The Chinese authorities also established 3 nature reserves that included the Hunchun National Nature Reserve for the protection and habitat for the Amur tigers plus also the Amur leopards (Panthera pardus orientalis).
The Northeast Tiger Leopard National Park was established with an area of 5,800 sq. m. in the northeastern part of China. This encompasses the Hunchun reserve. It is the largest refuge for the Amur tigers. China is striving to turn the reserve into an epitome of conservation.
Locals have also been included in the conservation efforts and this has helped in the comeback of the Amur tiger population in this region. But there have been several issues with grazing though the authorities are looking for a solution to this problem.
From the 40 odd tigers left in the 1930s and 1940s, the Amur tiger population has recovered. The detection of 55 tigers in China alone is good news for the species. Species always tend to do much better if their numbers are not confined to the borders of one country.
The Amur tiger population has done substantially well in Russia. But depending on one country for the survival of a species is a risky proposition. The social and political challenge posed by the upheaval in the 1990s with Perestroika had an adverse effect on the population of the Amur tigers.
The Amur tigers have a considerable foothold in China now. They though face the same threat they have faced in other countries. Prey loss, loss of habitat, poaching, fragmentation, and conflict with humans encroaching in their territory has continued to pose a threat to their survival.
The Amur tigers also face threats from issues linked with climate change. Rising temperatures have contributed to melting snow in the Siberian region and this could affect the availability of their prey in a region with an already sparse supply of prey for the giant cats.
Researchers say that China’s forests could care for much larger numbers of tigers if human intrusion into their territories is minimized. Other measures necessary include the creation of captive ecological corridors linking tiger habitats. Appropriate measures could lead to conditions that could support over 300 tigers, including more than a hundred breeding female Amur tigers.
Saving The Amur Tigers From Diseases
One of the measures that are needed is the protection of the Amur tigers from diseases. Wildlife biologists say little attention has been historically paid to their impact on the wildlife population. Parasites and pathogens are natural in the ecosystem. They have evolved and co-exist among the wildlife hosts.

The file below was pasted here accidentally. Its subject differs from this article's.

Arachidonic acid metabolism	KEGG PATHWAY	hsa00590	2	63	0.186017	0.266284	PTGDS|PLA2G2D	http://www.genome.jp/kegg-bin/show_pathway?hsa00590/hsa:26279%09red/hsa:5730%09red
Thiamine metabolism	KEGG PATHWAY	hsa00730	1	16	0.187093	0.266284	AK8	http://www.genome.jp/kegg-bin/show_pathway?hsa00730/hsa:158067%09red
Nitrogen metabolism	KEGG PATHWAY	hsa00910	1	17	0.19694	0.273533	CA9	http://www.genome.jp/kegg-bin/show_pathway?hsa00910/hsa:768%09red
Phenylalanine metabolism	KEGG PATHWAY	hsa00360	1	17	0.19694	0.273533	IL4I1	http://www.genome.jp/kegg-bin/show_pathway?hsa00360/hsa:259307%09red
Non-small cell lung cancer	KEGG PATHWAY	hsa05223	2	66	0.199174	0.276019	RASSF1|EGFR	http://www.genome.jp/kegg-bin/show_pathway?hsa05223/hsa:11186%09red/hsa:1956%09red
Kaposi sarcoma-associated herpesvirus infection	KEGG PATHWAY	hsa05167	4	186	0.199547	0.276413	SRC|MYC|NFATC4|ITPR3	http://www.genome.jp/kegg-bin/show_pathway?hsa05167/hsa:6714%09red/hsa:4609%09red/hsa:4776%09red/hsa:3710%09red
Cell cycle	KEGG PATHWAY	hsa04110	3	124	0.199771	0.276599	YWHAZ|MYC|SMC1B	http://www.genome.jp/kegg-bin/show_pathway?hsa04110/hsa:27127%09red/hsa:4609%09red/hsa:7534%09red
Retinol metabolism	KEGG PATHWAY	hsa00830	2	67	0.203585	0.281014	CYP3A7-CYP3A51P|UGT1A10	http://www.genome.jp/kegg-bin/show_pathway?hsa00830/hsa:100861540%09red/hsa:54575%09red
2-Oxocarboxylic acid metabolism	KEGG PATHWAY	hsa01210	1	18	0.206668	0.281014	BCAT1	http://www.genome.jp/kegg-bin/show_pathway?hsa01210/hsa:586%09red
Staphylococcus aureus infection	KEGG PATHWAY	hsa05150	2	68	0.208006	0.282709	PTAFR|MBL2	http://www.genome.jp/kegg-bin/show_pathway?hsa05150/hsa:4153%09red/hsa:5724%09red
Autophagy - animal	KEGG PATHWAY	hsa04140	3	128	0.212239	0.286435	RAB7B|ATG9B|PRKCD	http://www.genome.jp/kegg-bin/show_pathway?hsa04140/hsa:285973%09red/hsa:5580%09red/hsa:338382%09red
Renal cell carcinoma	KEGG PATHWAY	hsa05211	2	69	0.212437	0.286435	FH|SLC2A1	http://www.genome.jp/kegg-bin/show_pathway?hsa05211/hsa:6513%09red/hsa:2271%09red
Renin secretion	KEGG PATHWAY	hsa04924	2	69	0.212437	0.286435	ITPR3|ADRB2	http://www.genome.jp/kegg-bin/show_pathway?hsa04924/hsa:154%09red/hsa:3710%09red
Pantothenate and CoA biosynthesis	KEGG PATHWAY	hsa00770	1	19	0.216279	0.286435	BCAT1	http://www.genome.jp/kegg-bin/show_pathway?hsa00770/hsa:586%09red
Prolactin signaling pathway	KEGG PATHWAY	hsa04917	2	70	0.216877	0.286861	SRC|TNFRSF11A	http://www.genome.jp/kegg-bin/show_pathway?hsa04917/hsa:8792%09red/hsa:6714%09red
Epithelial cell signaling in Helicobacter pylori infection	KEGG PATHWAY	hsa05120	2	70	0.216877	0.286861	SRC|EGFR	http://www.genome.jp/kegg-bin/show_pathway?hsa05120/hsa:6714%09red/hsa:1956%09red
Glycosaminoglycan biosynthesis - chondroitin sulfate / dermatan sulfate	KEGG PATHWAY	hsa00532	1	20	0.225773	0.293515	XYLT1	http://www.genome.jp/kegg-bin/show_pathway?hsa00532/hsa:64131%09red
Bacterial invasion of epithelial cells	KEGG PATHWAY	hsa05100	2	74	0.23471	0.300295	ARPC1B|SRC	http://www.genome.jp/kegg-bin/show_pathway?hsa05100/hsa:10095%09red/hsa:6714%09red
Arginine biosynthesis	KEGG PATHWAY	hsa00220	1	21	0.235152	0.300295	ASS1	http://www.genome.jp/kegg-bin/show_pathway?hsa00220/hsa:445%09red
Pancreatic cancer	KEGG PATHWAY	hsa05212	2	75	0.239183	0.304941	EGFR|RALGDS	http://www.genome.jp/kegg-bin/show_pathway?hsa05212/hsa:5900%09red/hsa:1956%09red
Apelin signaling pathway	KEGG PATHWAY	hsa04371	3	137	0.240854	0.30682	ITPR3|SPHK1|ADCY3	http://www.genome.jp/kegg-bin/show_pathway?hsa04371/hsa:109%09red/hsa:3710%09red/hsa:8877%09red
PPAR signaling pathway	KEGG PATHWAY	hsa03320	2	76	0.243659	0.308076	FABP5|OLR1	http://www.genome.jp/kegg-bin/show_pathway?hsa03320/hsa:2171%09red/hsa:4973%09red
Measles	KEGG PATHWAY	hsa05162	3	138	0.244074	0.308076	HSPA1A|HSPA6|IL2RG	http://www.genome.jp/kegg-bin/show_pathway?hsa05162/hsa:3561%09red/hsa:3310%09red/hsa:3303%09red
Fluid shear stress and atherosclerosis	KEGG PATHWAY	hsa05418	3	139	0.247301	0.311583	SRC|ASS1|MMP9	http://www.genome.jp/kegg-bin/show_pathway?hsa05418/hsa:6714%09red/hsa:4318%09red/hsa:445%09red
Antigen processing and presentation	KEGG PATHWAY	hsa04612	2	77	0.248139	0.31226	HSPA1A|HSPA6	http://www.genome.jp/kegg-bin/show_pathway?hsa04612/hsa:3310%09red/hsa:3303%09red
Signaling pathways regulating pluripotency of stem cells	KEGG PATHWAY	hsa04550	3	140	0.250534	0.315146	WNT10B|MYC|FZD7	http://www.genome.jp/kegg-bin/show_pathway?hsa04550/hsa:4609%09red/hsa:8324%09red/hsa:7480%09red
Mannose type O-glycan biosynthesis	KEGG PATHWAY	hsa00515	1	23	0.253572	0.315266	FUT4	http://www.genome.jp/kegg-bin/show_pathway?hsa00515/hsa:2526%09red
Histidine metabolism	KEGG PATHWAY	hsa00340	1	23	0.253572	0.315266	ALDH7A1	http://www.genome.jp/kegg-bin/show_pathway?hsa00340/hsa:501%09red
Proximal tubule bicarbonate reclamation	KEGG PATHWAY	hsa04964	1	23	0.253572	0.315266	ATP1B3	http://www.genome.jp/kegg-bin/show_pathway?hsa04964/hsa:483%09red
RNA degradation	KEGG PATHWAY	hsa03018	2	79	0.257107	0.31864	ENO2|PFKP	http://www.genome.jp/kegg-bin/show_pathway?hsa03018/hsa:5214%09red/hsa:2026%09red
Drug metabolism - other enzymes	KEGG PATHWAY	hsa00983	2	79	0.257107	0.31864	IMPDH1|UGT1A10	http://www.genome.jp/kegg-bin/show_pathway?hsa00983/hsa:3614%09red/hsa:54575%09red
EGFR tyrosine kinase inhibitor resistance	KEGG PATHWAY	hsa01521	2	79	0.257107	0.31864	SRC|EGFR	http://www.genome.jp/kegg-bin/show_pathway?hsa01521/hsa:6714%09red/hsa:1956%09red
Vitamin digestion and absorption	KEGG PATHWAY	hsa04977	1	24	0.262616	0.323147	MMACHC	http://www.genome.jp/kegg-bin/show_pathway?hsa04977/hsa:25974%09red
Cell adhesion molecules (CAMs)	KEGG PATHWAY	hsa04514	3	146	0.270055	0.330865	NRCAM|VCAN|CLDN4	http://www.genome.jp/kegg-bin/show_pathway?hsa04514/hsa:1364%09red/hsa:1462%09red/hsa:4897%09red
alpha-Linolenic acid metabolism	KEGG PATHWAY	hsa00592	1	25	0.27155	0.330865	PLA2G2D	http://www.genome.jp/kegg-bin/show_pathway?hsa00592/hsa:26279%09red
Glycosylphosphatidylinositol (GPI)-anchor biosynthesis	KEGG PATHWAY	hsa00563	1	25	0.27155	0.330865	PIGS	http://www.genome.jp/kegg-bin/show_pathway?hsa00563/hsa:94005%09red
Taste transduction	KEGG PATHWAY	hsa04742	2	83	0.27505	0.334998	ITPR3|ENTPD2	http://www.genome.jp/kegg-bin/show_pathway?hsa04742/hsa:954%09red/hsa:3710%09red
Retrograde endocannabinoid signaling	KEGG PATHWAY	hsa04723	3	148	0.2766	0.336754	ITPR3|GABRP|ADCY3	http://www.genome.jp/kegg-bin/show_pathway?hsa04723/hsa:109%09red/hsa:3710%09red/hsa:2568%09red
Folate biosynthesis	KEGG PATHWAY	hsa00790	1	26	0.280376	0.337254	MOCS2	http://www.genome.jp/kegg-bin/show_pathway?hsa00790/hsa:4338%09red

Though large outbreaks have been infrequent among the Amur tiger population and little has been done till now to correct their outcome.
But the dynamics of the Amur tiger population have changed. And the same is the case with other species in the wild. A large population of a species once inhabited vast and varied landscapes. The numbers were sufficient to survive the outbreak of diseases.
But the population of the Amur tigers has been isolated to small fragments that support smaller numbers. Any outbreak of fatal diseases could turn out to be the proverbial straw. It could push the local population to extinction and may also spread to other population zones if they are linked.
The Amur tiger population has also suffered from habitat fragmentation. The large population of the species that thrived in the vast landscapes has dwindled to small islands.
The death of a number of Amur tigers infested with canine distemper between 2003 and 2010 prompted a study in the Far East of Russia. 2 separate populations of the tigers exist in this region. This includes the largest fragment that supports close to 500 tigers in the Sikhote-Alin Mountains. A much lesser population survives on the Russia-China border, with around some 30 surviving members, most of them in the southwest end of Primorski Province in Russia. But this fragment is important for their repopulation in China.
But both these populations were afflicted with the CDV disease. Researchers found that though the risk from the disease to the larger population was low, the smaller population risked losing around 65% of its population in 50 years.
Even the bigger groups of the Amur tigers are not sufficiently protected to afford them protection from the CDV. In most cases, there is a thriving host species, or even multiple species, of the pathogen that allows it to thrive and persist among the tiger population. This provides a continual basis of infection among even rare hosts such as the Amur tigers.
It has often been assumed that dogs remained the regular source of outbreaks in the wildlife population. This is because many predators have begun preying on domestic dogs as their natural prey reserves get destroyed.
But researchers in Russia discovered that canines weren’t the cause of the outbreak among the Amur tigers. Instead, they found that small carnivores such as badgers, sable, raccoon dogs, and other wild animals were transmitting the virus and infecting the tigers. It is not possible to control transmission through oral bait-based vaccination for CDV. Only vaccination of the Amur tigers is the sole option to protect the cats against the deadly disease.
Even protecting a small group will allow insurance against local extinction, should an outbreak decimate a substantial part of a tiger population. Proactive programs are necessary for areas where actions are indicated. The delivery of CDV vaccines should be incorporated in the routine task of tiger handling protocols.